Prior to the COVID-19 pandemic, the life expectancy had declined for Americans due to what has been termed the Deaths of Despair. The three primary contributors to these deaths are suicide, drug overdose and liver failure. Addiction is a key driver of all three. The past two decades have seen almost a million people die due to overdose which also has accounted for close to 2% of all US deaths in 2020. West Virginia has consistently led the nation in the rates of these deaths. During the COVID-19 pandemic, these deaths have skyrocketed with a 50% increase in 2020 for West Virginians.
Beyond deaths, the toll incurred in West Virginia families, communities, workforce, and economy are devastating. Generations have been affected. Children in our state are overrepresented in adverse childhood experiences, and 7,000 find themselves in the foster care system. Employers have a difficult time finding employees who can pass a urine drug screen.
Furthermore, infectious disease associated with substance use is pervasive in West Virginia where we are among the nation’s leaders in hepatitis and are experiencing a terrible HIV outbreak. This will have significant downstream health system and economic consequences, beyond the individual toll. A major healthcare burden in hospital systems is the care of patients that require long-term antibiotics for infections incurred during substance use. This coupled with the expected liver failure from hepatitis B and C will cripple the healthcare system in West Virginia if not addressed.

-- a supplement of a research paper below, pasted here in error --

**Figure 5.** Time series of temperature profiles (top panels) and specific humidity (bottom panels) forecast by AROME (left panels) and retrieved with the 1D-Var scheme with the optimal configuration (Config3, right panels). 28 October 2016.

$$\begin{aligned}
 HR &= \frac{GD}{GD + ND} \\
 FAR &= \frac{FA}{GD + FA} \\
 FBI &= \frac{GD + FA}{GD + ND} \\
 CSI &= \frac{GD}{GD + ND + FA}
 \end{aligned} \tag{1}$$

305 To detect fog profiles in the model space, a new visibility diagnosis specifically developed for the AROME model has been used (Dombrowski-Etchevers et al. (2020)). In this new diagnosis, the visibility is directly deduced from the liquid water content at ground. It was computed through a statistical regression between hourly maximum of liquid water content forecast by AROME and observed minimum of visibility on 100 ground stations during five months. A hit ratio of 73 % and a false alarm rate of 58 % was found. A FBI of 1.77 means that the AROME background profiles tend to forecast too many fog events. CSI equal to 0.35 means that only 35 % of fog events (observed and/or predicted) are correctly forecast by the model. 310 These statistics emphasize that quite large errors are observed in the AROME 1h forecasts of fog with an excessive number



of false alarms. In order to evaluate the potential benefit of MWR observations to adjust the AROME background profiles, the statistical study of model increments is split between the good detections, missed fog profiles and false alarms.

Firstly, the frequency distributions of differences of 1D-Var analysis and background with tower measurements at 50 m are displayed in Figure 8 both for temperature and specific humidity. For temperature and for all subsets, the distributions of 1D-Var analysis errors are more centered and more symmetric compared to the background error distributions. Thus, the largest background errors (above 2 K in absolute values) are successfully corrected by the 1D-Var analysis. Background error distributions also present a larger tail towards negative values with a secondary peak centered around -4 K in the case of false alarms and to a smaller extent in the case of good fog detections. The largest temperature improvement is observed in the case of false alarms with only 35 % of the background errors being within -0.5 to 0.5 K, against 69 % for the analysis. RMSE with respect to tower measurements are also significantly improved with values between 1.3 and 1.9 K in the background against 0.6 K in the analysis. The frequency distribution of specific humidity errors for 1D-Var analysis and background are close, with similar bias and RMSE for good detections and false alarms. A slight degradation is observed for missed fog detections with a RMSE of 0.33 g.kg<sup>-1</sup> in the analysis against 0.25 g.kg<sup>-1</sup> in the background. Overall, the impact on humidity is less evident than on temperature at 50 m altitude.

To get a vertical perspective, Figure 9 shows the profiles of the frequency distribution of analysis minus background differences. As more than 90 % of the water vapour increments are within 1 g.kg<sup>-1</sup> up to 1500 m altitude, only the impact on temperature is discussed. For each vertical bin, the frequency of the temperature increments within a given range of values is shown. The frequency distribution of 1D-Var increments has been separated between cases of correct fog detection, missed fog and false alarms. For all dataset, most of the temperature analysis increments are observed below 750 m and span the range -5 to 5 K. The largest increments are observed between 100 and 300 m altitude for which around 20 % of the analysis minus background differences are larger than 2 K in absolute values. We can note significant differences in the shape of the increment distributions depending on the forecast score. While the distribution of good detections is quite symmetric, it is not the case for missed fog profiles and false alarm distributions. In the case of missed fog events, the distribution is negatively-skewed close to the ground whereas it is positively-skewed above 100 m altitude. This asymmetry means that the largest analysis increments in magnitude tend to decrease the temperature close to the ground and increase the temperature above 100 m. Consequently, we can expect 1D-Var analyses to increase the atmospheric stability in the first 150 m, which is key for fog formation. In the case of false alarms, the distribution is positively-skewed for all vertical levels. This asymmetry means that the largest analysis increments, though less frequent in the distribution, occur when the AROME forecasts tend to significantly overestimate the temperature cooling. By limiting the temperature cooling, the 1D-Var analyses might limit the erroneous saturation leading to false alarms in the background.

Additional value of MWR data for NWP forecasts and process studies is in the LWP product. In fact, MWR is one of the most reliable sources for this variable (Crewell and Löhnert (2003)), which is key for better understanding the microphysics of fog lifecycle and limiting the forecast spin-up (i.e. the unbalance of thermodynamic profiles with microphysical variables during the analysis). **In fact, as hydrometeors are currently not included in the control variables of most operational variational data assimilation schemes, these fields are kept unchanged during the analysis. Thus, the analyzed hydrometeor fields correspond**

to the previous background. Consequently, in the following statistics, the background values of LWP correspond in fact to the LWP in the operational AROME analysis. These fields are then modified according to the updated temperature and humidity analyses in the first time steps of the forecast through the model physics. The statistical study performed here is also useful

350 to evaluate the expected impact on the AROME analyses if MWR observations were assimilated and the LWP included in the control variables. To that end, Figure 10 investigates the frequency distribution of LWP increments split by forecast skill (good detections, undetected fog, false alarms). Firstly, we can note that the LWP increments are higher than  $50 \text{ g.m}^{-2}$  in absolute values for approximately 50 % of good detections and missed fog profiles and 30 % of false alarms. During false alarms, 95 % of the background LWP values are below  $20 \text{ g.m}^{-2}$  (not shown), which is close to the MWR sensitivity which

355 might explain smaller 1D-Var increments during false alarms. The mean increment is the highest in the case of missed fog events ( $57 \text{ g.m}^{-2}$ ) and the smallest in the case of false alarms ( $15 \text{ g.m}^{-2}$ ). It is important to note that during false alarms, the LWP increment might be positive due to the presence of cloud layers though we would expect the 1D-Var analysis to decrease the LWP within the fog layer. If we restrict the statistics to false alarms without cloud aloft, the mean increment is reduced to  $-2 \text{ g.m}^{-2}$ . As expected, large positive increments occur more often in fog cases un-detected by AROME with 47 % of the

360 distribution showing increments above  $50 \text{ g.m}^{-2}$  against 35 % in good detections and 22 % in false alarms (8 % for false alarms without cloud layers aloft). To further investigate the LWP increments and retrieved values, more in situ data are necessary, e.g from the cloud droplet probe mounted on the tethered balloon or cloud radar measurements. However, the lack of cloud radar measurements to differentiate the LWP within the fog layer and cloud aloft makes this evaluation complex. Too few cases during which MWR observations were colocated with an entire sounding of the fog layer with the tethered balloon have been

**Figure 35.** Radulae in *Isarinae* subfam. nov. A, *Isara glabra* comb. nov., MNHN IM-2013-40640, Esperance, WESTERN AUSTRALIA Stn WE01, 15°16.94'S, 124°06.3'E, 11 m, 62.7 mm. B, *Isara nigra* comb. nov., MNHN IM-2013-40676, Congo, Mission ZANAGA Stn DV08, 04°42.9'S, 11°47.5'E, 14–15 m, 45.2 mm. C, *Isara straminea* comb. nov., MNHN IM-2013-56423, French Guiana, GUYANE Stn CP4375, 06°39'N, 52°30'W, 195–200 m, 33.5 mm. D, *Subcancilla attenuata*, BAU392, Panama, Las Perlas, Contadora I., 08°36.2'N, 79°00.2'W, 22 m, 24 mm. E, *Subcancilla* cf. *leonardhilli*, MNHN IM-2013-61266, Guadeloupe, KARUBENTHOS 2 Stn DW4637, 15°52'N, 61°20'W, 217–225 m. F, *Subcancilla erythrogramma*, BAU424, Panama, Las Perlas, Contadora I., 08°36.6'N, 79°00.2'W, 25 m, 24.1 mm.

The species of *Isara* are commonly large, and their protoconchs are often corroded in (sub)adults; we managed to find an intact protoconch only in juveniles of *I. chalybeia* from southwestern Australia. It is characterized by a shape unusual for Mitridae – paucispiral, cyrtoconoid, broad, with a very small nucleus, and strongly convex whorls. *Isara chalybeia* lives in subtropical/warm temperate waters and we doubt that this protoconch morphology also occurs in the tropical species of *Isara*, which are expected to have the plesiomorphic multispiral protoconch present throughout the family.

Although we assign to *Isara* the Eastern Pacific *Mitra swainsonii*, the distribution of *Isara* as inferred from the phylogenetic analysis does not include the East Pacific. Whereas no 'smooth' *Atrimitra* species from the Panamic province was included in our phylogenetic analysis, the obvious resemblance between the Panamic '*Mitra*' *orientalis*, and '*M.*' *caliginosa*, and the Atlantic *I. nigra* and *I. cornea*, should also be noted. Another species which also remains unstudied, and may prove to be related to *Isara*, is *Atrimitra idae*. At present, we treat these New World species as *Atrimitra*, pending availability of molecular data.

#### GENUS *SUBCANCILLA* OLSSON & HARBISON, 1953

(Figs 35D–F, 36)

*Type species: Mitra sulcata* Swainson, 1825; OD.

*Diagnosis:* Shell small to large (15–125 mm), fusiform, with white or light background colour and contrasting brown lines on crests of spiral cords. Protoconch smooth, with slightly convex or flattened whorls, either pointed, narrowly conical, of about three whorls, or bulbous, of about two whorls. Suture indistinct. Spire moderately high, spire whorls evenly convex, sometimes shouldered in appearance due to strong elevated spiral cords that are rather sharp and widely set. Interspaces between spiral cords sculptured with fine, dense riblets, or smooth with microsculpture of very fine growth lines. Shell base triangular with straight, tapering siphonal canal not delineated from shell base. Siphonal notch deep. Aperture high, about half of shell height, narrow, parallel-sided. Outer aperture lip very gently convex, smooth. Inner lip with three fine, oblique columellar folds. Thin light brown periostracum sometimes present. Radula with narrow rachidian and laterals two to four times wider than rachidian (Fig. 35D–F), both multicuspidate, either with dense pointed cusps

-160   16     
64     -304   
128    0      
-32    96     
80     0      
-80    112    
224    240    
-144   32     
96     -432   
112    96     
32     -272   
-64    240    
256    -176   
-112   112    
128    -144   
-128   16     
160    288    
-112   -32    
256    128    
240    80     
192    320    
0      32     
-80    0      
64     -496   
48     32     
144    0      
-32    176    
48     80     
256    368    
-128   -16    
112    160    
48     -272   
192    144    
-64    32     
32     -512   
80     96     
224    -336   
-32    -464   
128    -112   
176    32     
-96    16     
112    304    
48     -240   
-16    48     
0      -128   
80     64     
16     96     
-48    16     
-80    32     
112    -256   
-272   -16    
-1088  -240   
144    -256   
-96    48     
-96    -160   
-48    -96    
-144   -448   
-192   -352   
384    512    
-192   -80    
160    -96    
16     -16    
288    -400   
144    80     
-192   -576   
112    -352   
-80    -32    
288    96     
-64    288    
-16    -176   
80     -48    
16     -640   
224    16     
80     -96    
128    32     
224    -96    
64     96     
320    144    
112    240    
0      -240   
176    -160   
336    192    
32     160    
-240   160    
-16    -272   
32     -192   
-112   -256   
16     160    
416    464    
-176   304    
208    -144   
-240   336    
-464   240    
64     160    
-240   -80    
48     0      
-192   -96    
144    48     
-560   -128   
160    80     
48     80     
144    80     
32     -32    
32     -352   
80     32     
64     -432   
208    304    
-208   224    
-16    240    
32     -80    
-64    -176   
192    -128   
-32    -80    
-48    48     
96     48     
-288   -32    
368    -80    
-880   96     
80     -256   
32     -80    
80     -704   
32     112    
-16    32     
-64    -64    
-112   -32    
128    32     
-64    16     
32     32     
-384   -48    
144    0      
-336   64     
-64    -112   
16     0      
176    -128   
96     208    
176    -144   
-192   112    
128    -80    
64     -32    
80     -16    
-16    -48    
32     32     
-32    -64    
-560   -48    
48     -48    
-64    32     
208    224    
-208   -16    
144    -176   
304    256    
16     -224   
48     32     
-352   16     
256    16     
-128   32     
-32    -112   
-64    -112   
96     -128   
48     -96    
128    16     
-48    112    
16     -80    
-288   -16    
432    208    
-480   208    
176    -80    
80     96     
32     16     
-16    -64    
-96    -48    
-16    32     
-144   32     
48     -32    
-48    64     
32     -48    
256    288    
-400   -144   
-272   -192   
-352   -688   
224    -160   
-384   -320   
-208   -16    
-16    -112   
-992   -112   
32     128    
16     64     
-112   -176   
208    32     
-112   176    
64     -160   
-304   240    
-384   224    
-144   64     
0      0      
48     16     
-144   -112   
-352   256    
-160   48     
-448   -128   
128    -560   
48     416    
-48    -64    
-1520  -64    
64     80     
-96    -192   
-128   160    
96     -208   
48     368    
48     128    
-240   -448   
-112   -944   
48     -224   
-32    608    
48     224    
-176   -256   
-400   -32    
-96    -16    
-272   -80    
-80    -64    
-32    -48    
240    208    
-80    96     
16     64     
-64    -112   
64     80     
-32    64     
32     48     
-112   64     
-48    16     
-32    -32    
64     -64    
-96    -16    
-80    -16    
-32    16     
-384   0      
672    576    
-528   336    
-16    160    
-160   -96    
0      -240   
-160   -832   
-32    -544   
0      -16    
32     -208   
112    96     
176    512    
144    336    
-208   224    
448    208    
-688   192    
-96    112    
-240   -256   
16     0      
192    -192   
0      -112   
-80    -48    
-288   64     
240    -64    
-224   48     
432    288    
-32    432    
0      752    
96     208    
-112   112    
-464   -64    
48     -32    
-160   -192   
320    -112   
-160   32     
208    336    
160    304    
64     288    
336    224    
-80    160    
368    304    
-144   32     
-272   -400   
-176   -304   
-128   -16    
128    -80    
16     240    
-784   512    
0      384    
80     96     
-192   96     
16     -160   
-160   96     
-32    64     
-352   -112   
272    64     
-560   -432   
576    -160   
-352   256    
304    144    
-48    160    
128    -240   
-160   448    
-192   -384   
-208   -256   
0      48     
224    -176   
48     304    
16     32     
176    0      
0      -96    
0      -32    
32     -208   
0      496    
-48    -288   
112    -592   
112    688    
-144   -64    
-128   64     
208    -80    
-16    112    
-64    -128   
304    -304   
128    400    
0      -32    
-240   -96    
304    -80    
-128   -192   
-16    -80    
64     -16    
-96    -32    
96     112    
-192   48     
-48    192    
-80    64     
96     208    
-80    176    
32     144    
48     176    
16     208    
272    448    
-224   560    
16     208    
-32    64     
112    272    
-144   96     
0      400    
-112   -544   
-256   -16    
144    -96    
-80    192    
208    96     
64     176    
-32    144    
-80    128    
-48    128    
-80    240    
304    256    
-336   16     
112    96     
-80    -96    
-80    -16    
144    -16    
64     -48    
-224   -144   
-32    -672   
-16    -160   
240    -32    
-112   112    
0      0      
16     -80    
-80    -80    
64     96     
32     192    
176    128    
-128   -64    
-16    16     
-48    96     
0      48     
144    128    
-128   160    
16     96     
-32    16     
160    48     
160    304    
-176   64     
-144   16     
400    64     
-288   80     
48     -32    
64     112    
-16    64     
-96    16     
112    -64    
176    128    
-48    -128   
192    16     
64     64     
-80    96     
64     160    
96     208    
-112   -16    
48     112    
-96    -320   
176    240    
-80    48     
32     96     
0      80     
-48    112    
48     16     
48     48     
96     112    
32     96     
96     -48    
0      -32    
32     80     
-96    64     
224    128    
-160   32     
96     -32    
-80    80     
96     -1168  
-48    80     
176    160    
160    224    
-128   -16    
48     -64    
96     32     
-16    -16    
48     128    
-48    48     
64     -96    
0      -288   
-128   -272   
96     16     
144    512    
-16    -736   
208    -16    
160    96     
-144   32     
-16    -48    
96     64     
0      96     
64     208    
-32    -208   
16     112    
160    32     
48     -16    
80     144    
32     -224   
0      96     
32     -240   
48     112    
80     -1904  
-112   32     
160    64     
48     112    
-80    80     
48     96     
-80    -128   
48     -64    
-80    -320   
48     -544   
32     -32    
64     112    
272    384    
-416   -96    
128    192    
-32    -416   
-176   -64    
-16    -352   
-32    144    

The good news is that addiction is both treatable and avoidable. Recovery is possible. West Virginia is ground zero for this national problem – we can be a leading source for solutions.
- What are the challenges and barriers that limit people with substance use disorders from getting the help they need?
- How can we best identify children at risk for developing a drug/alcohol problem and provide the necessary support to minimize likelihood of addiction development?
- Alcohol, stimulants, cannabis, and nicotine use are pervasive challenges among college students. How can we successfully address these challenges?
- How do we provide immediate access on demand to addiction treatment and recovery services across West Virginia?
- How do we help to fill the size/scope gaps in our treatment and recovery workforce, which supports the needs of West Virginians of all ages, from children to seniors?
- How can we leverage the business community to support job training/re-training and create employment opportunities for people in recovery?
- How can we better support families and partners of loved ones in treatment or recovery?
- Are there novel methods of treating those with substance use disorders that we should consider piloting?